Recently released on Blu-Ray, Ronin is a film that stands the test of time though it’s a tad clunky.
A ronin is a samurai who has been disgraced after his master has been killed. Roaming the land as a bandit or hired hand, the ronin does what they can to survive even though they are trained to kill. It’s the perfect title for a film about a group of hired criminals to steal a briefcase worth the lives of many. Arrow Video recently rereleased Ronin on Blu-Ray in a stunning a 4K presentation and we were lucky enough to nab a copy for review. Does this 1998 film hold up after twenty years?
Three years prior to Ronin there was a film called Heat, which offered a look at criminals who take their jobs seriously and cops who aren’t as heroic as you might think. Both movies focus on bad guys who are somewhat good, include big action sequences, and even bigger guns. Oh, and an actor named Robert De Niro leads both of them. I bring that film up because both capture the brotherhood and humanity of a criminal very well. This films focus on a bunch of bad guys is done well as it reminds us they’re human in a variety of ways. As the story progresses we get a sense that a camaraderie is built between these men, but also that being a criminal on a stakeout isn’t so glamorous. For every car chase there’s a scene of the group of characters drinking coffee, eating sandwiches, or just waiting around until the time is right. There’s a realistic lens shown on the type of characters who are good at what they do they just, unfortunately, do bad things.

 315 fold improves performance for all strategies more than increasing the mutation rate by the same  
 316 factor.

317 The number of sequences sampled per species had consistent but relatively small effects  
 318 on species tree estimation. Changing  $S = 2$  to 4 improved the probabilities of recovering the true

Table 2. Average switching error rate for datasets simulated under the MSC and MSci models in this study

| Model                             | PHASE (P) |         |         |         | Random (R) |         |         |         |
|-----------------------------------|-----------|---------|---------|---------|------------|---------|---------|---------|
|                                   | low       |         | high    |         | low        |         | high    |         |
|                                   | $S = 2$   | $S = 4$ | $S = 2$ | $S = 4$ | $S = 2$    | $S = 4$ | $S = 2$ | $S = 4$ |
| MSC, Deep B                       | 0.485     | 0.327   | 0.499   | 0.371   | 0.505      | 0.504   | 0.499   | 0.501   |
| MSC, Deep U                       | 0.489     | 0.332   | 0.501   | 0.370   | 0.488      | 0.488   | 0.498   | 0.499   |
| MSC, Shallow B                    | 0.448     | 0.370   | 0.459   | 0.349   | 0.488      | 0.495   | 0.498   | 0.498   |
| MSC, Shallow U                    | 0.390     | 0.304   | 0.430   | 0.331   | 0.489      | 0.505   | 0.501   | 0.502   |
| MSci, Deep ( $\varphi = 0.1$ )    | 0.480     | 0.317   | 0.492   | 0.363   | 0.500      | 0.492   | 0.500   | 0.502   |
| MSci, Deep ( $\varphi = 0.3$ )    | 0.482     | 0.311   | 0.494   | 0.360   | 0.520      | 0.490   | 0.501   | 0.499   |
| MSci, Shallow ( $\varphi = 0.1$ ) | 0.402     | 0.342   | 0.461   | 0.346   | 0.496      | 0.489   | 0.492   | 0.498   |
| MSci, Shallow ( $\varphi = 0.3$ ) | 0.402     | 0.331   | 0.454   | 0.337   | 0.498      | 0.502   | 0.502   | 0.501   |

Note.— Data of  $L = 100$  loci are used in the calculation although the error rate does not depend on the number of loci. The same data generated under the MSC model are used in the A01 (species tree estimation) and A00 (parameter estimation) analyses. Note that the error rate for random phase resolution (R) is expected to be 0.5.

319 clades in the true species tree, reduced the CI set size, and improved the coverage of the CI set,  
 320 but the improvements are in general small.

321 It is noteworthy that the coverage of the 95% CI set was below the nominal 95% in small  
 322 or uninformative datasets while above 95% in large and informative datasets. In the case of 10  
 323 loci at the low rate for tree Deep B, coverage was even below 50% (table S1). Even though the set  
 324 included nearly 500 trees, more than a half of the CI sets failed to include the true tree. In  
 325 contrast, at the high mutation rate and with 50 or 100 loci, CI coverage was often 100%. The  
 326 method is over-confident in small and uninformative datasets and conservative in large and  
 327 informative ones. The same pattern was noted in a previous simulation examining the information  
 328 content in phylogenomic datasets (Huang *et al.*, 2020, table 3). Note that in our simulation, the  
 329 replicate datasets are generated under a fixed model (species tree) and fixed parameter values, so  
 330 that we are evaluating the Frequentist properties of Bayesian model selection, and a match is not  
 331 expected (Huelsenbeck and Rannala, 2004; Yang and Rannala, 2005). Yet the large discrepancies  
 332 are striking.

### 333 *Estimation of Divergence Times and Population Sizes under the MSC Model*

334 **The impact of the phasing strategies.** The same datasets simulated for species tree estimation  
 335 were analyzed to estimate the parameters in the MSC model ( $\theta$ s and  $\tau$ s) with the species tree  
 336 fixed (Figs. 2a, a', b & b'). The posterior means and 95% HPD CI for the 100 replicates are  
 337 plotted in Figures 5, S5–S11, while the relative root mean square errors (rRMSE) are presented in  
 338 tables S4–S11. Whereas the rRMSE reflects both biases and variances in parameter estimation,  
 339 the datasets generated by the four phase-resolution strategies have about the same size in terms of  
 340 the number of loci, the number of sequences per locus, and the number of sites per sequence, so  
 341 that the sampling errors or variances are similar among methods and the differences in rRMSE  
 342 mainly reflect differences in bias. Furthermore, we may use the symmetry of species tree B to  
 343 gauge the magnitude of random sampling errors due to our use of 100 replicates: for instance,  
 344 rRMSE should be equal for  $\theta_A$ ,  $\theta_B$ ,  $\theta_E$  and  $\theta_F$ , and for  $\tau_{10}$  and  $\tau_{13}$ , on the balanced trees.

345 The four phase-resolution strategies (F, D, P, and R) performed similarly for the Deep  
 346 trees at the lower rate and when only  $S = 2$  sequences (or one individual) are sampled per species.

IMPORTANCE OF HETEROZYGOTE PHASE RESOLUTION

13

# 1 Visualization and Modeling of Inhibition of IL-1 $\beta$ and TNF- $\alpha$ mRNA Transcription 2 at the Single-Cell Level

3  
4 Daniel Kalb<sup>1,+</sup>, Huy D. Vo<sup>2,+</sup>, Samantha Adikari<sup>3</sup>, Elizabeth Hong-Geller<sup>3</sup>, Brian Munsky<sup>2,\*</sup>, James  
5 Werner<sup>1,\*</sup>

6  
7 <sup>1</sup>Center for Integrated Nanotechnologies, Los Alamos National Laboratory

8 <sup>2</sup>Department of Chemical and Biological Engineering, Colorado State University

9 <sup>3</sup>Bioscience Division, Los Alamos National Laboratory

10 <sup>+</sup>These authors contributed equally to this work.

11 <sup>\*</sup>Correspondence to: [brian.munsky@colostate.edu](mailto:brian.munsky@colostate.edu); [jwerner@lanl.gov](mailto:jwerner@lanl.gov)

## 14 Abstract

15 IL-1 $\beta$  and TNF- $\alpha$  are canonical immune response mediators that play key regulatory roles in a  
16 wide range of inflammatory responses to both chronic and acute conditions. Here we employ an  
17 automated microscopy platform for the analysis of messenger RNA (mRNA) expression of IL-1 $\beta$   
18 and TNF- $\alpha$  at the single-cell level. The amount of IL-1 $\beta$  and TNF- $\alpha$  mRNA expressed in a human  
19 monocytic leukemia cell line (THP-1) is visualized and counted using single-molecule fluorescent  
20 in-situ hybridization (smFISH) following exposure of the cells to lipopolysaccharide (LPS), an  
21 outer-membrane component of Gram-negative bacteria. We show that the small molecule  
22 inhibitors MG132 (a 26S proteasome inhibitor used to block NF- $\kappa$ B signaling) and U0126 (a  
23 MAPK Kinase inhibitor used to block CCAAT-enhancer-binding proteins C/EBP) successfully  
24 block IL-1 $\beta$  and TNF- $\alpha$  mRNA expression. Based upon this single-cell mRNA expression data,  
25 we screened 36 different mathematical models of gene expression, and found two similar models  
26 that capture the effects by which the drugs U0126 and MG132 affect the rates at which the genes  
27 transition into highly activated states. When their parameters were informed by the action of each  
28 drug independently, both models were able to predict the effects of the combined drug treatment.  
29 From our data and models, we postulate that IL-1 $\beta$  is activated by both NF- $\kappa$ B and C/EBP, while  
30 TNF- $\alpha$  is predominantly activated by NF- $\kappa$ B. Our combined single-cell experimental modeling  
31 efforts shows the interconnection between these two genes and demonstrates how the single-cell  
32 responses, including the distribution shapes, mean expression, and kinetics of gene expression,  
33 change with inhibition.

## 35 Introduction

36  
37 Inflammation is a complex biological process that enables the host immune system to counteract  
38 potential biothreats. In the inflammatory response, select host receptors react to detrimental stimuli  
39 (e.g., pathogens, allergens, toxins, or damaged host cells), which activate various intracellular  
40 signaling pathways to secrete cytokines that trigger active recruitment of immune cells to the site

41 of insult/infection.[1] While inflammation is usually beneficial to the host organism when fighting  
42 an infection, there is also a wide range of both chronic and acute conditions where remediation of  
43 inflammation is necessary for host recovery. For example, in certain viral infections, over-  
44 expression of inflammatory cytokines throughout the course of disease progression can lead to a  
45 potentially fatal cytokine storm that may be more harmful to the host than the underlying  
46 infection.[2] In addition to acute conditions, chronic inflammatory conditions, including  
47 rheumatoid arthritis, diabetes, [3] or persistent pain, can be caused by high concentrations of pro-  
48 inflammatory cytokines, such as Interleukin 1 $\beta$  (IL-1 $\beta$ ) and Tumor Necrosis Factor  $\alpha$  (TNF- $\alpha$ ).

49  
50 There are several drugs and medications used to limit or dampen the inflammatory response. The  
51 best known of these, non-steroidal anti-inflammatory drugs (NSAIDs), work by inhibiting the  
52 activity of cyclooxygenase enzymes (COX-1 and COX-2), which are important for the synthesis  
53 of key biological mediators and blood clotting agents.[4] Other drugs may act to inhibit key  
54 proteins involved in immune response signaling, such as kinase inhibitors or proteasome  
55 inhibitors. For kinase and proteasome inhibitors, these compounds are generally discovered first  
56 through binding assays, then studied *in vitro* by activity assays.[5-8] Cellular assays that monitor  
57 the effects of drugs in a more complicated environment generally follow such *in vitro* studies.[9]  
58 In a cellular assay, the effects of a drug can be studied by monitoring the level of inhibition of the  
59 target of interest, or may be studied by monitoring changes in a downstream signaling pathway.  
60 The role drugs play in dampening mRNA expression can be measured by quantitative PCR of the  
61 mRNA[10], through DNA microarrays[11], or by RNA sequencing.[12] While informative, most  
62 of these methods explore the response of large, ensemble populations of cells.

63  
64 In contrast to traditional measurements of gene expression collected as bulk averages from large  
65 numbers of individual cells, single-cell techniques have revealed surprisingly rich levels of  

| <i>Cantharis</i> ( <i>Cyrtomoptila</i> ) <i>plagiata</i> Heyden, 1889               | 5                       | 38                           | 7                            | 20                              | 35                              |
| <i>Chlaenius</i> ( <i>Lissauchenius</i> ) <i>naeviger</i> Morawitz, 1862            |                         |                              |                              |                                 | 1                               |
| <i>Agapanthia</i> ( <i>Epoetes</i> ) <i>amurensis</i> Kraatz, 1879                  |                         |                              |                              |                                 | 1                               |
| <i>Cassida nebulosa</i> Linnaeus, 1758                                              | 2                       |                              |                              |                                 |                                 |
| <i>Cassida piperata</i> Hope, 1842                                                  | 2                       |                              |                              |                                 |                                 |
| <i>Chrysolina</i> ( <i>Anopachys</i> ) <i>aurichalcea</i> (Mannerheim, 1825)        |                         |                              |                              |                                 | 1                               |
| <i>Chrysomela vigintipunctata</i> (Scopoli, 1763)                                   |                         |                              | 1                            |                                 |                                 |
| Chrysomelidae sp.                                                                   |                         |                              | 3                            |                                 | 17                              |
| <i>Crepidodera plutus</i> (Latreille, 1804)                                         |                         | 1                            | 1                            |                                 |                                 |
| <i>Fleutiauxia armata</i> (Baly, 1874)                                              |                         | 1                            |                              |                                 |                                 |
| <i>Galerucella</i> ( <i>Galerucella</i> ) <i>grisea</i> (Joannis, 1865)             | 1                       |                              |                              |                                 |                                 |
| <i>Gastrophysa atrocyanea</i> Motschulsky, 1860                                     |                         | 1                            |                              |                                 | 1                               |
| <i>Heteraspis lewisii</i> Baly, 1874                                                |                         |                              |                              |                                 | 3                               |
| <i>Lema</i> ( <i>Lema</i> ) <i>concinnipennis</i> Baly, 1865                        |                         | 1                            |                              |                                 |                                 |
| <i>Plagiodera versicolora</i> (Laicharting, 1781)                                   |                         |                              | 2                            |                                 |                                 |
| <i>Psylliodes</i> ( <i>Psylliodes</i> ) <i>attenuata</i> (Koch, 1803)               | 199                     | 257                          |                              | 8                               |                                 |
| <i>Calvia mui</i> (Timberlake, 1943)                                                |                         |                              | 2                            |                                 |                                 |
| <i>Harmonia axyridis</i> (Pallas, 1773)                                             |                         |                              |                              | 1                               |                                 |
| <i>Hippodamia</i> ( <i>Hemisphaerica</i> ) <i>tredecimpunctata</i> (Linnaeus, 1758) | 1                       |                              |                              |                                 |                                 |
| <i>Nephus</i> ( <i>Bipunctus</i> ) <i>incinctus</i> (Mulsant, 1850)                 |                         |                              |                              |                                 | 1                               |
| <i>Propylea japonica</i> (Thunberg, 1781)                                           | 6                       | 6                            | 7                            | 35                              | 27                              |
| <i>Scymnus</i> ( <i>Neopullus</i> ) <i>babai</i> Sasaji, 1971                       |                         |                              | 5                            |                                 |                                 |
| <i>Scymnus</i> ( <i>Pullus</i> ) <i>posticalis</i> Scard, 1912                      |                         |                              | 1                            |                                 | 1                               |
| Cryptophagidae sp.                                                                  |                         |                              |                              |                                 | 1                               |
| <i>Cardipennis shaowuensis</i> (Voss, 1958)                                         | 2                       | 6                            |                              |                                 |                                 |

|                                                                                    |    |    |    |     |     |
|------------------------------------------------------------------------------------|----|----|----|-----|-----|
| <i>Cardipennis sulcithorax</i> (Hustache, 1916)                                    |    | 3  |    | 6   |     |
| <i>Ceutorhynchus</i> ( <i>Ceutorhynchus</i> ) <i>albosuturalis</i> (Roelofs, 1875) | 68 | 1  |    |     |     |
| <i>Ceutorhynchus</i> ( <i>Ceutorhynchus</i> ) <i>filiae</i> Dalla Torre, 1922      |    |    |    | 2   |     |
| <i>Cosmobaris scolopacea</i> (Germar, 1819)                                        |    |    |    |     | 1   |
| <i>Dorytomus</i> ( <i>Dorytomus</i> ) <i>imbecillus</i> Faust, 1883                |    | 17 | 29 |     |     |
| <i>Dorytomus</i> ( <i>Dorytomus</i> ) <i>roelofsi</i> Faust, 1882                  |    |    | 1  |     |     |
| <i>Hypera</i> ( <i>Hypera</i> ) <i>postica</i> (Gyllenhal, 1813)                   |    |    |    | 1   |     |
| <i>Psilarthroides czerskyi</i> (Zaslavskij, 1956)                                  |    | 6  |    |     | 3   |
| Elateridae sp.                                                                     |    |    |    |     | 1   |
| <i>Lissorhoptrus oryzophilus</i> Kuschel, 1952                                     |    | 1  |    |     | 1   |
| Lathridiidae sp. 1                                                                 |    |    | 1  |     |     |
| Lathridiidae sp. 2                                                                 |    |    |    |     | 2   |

David Mamet co-wrote Ronin with J.D. Zeik and it’s rather obvious how much influence Mamet had on this script. Given Mamet’s proclivity for sometimes natural, sometimes strange dialogue, I wasn’t surprised to revisit this film with a sense of interest, but also confusion. Characters sound natural for the most part, but there’s always a bit of dialogue that’s either vague or strange given the scene and I think Mamet relishes these types of interchanges. It’s a reminder in real life what we say isn’t always perfect or meaningful, which is rare given how dialogue in most films serves to progress plot or deliver exposition. This dialogue can also be somewhat silly and pull you out of the film, but because of its naturalness it also stands up after 20 years.
With a cast like this one you’d have to imagine fans will be coming back to it again and again forever. With De Niro, Jean Reno, Sean Bean, and Stellan Skarsgard, the cast is A-list from top to bottom. True, some of these actors weren’t quite leading actors at the time (I’m looking at you Bean), but the proof is in the pudding as everyone does a stand up job committing to their roles. De Niro in particular is quite good and given the longer takes I imagine a lesser cast could have blown this film.
Then again, with legendary director John Frankenheimer behind the camera there’s no wonder so much of this film is excellent. It’s also probably why such a great cast was pulled together to make it. Frankenheimer has a deft hand from how he frames shots–many of the group are all standing in frame from background to foreground which adds an element most films miss–to the incredible car chase scenes. Given how popular the Fast and the Furious series is I imagine most fans of those could dig these car chase scenes, especially with how realistic they are. There aren’t any CGI tricks in Ronin; instead the film is populated with actual cars crashing and close calls for the heroes. Sure, De Niro wasn’t really driving, but given the blocking and well timed shots it’s a wonder how many takes it took to capture such realistic looking car chases.